movie film review | chris tookey
 
     
     
 

Pirates of the Caribbean: Dead Man's Chest

 (12A)
© Walt Disney Pictures - all rights reserved
     
  Pirates of the Caribbean: Dead Man's Chest Review
Tookey's Rating
8 /10
 
Average Rating
5.57 /10
 
Starring
Johny Depp , Orlando Bloom, Keira Knightley
Full Cast >
 

Directed by: Gore Verbinski
Written by: Ted Elliott and Terry Rossio

 
 
 
Released: 2006
   
Genre: ACTION
SWASHBUCKLER
ADVENTURE
SERIES
SEQUEL
COSTUME
COMEDY
   
Origin: US
   
Colour: C
   
Length: 150
 
 


 
An even more outrageous, rumbustious romp than the first one. An exuberantly inventive, high-spirited swashbuckler that blows the cobwebs off the tired old cliches of the genre and fashions them into top-class, 21st century, family entertainment. This is one of the most entertaining pirate movies ever.
Reviewed by Chris Tookey

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Previous buccaneers who have dominated the silver screen – most notably Douglas Fairbanks in The Black Pirate (1925), Errol Flynn in Captain Blood (1935), and Burt Lancaster in The Crimson Pirate (1952) - have all been he-men.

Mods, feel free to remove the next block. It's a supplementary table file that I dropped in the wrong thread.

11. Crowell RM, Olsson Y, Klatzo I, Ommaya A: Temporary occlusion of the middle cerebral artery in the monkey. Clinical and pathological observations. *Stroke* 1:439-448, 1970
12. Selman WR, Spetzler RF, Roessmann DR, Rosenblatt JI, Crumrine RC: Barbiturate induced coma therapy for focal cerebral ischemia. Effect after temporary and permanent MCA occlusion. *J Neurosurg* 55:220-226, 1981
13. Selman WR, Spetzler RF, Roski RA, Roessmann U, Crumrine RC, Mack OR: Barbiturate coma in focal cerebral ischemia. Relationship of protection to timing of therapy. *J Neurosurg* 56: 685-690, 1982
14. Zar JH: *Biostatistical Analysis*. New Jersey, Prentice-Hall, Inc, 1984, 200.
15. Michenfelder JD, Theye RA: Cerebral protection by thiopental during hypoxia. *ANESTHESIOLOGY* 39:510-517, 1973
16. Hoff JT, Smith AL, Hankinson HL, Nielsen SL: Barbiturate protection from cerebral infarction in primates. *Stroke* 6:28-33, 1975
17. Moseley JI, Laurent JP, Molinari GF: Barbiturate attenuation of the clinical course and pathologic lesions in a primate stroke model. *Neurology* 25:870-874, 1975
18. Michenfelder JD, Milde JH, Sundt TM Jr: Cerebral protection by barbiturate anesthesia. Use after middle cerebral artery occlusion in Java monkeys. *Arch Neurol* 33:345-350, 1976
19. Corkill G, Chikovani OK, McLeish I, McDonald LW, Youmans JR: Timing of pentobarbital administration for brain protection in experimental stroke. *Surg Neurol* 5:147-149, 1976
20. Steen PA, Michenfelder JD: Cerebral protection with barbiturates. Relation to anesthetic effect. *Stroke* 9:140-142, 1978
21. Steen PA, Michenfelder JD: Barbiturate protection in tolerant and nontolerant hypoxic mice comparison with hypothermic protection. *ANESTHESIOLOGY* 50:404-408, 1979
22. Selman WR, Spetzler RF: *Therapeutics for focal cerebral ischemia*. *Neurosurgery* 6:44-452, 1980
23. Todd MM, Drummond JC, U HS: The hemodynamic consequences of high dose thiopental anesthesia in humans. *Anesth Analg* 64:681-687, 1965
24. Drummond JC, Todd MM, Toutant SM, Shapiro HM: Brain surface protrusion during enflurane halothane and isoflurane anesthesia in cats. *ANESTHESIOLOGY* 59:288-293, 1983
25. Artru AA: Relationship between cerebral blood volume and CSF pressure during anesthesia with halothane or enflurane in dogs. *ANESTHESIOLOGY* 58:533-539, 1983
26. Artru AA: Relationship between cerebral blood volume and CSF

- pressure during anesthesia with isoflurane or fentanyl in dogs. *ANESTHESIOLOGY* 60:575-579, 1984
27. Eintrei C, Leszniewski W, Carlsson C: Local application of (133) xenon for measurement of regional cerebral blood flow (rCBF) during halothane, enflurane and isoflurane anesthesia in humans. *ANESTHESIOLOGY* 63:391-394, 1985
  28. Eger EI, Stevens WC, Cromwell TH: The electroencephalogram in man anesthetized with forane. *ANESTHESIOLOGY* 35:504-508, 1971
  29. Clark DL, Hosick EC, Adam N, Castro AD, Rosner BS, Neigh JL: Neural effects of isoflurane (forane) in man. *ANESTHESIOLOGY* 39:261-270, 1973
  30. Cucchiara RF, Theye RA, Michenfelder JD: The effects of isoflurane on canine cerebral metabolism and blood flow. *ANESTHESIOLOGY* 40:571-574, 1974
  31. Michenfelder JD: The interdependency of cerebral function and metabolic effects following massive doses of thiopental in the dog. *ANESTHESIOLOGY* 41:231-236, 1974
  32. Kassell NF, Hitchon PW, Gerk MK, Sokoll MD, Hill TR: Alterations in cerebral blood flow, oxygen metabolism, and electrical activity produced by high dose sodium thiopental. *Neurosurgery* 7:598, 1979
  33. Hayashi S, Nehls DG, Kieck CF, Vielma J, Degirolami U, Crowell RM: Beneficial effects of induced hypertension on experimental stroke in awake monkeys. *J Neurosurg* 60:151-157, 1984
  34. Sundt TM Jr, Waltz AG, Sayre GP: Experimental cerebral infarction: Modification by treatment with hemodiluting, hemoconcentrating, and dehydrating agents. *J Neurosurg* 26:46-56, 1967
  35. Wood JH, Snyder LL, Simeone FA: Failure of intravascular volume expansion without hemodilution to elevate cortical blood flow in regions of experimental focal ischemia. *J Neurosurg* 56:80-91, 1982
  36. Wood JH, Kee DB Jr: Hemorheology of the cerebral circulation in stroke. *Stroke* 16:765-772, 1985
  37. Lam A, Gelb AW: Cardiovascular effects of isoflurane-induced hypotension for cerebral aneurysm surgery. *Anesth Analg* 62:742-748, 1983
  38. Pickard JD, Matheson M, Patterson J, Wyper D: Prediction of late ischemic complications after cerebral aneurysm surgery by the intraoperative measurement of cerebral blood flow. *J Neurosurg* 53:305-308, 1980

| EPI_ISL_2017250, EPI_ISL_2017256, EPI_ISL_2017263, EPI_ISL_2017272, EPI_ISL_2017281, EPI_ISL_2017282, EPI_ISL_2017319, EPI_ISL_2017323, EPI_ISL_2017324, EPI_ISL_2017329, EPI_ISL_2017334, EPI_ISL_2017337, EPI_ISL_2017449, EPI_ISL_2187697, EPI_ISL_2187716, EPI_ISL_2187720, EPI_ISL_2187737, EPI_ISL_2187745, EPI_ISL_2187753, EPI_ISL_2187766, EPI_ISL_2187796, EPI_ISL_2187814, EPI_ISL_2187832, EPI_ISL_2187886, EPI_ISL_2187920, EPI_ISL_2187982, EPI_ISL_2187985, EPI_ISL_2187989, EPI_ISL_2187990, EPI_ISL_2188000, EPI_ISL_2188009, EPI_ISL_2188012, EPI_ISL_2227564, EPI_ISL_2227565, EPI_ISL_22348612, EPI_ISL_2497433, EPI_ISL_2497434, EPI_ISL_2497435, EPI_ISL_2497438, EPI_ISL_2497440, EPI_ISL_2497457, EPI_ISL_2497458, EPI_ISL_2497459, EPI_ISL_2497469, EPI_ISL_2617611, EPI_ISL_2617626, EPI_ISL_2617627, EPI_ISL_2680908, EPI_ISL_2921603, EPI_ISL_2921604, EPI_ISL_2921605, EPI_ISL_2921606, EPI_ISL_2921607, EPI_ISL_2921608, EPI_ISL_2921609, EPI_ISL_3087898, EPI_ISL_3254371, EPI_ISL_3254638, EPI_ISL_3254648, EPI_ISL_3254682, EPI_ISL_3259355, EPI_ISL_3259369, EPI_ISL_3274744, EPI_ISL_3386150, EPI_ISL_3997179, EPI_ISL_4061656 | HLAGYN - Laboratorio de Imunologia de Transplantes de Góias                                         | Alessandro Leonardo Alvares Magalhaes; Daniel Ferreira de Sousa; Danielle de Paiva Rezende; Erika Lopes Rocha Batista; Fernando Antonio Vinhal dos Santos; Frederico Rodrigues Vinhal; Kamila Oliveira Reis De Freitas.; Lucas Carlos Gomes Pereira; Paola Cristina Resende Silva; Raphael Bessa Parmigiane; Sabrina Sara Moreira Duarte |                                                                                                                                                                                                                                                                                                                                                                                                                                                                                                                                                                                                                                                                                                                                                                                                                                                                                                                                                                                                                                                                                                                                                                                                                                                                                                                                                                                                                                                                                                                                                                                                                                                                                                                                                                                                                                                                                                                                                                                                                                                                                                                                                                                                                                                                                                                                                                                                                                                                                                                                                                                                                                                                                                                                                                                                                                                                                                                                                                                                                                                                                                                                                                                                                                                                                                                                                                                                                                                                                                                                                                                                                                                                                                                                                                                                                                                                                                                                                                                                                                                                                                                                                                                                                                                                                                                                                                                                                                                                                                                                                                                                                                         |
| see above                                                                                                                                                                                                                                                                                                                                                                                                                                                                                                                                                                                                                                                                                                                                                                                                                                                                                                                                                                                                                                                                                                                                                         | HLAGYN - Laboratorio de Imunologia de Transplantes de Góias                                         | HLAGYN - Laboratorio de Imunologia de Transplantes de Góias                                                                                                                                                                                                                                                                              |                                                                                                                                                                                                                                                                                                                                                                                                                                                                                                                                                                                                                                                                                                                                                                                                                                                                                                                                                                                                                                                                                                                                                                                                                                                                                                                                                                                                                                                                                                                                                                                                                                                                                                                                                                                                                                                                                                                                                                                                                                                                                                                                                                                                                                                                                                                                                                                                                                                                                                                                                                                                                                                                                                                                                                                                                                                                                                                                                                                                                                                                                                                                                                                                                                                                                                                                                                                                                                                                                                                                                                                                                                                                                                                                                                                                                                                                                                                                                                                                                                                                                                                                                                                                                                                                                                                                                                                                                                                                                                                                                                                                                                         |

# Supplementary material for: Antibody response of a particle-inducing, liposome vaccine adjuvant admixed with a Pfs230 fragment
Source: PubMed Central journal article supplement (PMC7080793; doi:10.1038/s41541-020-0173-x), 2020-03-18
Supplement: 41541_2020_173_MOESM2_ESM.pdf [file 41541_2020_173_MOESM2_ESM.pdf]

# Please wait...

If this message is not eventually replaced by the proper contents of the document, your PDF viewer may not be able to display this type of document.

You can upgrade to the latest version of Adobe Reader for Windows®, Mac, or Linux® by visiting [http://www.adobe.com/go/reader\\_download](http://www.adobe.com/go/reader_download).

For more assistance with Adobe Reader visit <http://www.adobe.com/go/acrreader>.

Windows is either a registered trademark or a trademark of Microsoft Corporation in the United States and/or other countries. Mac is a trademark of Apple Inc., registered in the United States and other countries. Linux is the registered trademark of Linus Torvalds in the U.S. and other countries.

As the latest of these screen icons, Captain Jack Sparrow, Johnny Depp has an ironic, post-modern take on machismo. He may wear androgynous eye-shadow and resemble Bo Derek in his liking for beads, but – as with that other iconic figure of our age, David Beckham - his sexuality is never seriously in question.

One of the delightful questions left hanging in the air is whether or not our feisty but strait-laced heroine (intelligently played by Keira Knightley) isn’t secretly more attracted to Mr Depp’s Captain Jack Sparrow than to Orlando Bloom’s more conventional leading man.

So what is Depp’s appeal, for her and the audience? It’s exactly the same that made his auspicious big-screen predecessors popular. He captures the subversive delight of being your own man. He’s outside the law, free of scruples, the exact opposite of a downtrodden wage-slave. At a moment when pirate movies seemed to be box-office poison, Depp has reinvented the romance, the allure, the subversive joy of being a maverick on the high seas.

The plot starts out with a diminutive but ruthless pirate hunter from the East India Company (Tom Hollander at his most tight-lipped) interrupting preparations for the wedding of Will Turner (Bloom) and Elizabeth Swann (Knightley). He claps both of them in prison for aiding and abetting the escape from justice of Jack Sparrow (Depp).

Will is allowed out on condition that he locate Sparrow, who turns out to owe a blood debt to the legendary Davy Jones (Bill Nighy), ruler of the ocean depths, captain of the ghostly Flying Dutchman, and owner of a terrible pet called the Kraken which can wreck a ship singlehanded, or rather multi-tentacled.

If Jack can't wiggle his way out of this arrangement, he'll be cursed to an afterlife of eternal servitude and damnation, not to mention looking like a giant, gold-toothed crustacean.